Wait, what… is that a typo? No it isn’t and yes it is… sort of. But it’s delibeberate a bit like that one. Do you have any idea what I am talking about?
We all know what Murphy’s Law is (or Sod’s Law as we say in England) “Anything that can go wrong will go wrong” such as when you are running late for work and on your commute you get stopped at every red light on the journey yet the following day when you are running early, you won’t get caught in a single red light.
That’s Murphy’s Law, so what is Muphry’s Law? It’s most commonly seen on Facebook and social media where grammar, spelling and punctuation are rules there merely to be discarded. It is the best source to find examples though. Consider the following exchange:
“I’ve worked seven days and can’t wait for my day of next week!”
“Don’t you mean “day off”? You’re English is terrible!”
The first rule of Muphry’s Law is that when you are correcting somebody else’s spelling or grammar, your response will ironically (but not deliberately) also contain an error in spelling or grammar.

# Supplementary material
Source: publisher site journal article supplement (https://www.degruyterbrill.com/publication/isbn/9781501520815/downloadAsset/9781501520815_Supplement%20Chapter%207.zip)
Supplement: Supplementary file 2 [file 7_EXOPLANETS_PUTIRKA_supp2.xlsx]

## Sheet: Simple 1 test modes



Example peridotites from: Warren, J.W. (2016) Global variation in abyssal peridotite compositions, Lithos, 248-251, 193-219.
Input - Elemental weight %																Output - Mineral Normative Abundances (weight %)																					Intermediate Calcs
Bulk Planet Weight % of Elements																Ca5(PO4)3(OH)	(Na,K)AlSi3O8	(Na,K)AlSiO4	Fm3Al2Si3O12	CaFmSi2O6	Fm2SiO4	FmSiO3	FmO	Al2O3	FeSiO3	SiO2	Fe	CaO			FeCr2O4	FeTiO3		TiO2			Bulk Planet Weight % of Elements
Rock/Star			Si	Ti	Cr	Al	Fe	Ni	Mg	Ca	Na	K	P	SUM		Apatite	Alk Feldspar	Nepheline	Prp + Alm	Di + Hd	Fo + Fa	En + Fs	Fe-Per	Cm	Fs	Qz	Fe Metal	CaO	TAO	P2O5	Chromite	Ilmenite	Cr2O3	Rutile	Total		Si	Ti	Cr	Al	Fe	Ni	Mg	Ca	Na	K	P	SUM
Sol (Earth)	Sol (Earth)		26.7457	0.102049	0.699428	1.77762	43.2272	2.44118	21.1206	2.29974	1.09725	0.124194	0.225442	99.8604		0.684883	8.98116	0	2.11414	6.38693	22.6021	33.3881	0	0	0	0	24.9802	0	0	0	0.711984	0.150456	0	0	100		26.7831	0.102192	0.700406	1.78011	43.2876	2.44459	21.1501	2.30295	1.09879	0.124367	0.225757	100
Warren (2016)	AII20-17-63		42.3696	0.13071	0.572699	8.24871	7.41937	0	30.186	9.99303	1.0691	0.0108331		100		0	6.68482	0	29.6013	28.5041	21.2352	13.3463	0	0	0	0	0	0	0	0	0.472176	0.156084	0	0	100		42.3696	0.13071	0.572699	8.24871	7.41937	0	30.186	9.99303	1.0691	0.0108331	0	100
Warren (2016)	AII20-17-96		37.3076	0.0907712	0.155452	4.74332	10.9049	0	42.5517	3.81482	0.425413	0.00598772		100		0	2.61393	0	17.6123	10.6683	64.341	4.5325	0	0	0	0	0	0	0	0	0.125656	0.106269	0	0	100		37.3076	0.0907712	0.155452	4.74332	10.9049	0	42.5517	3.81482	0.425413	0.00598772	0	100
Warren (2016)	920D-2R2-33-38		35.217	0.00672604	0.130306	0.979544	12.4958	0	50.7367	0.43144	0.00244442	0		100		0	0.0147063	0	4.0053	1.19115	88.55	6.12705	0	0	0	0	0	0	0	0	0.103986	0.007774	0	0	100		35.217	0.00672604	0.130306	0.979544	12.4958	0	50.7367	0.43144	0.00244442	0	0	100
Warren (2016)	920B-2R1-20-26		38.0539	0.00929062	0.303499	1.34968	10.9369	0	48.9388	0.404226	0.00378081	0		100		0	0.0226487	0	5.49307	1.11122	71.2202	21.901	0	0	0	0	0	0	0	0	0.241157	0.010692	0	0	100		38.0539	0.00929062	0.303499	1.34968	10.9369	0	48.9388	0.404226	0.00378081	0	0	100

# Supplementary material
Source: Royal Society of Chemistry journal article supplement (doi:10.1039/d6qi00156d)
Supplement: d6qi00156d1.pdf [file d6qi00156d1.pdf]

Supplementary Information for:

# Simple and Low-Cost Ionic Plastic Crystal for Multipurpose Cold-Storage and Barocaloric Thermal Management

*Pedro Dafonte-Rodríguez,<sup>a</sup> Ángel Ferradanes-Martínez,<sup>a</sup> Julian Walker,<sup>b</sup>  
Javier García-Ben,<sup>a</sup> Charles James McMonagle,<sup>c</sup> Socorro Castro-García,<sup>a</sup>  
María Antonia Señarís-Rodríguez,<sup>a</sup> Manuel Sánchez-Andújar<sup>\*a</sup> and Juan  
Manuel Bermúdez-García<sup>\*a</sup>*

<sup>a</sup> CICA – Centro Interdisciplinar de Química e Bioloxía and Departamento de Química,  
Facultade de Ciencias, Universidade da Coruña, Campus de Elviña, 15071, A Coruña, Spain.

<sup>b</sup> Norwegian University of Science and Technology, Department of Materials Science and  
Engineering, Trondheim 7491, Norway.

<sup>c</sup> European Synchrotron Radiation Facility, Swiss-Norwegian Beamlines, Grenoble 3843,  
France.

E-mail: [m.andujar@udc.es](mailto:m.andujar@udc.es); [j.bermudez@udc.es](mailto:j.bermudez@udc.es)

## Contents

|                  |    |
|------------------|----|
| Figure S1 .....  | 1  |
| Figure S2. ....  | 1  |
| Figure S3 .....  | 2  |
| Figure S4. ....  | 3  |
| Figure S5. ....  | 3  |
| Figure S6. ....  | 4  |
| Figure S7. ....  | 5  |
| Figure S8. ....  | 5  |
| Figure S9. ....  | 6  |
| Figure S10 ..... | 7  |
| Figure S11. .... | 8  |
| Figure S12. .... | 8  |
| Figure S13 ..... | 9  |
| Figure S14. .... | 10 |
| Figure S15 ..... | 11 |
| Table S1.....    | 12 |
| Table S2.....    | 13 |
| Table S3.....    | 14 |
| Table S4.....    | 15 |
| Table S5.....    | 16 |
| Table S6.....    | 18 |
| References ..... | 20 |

The second rule (and this is something that I am sure where we all as bloggers feel the pain) is that no matter how many times we proofread something, we will not spot errors until after they have been published. These sorts of errors are far more critical in printed media because at least in blogs and in our Word documents we can go back and correct it. I know I have fallen prey to Muphry’s Law many times, just a month ago I found a typo in a post that had been up for over a year. Even when I “save draft” and then “preview” (so I can see the post as it will look when posted) I might still not see all the errors.
Muphry’s Law is the critical error in the title of your book, the random zero in the middle of a word in your PhD thesis, and writing SHCOOL (though I fail to see how nobody spotted that one) in white paint in the road. Muphry’s Law has a lot of staying power for both cringe and comedy factor. I’m sure this isn’t the last time you will see it discussed on Sweet, Tyres and Digit a link.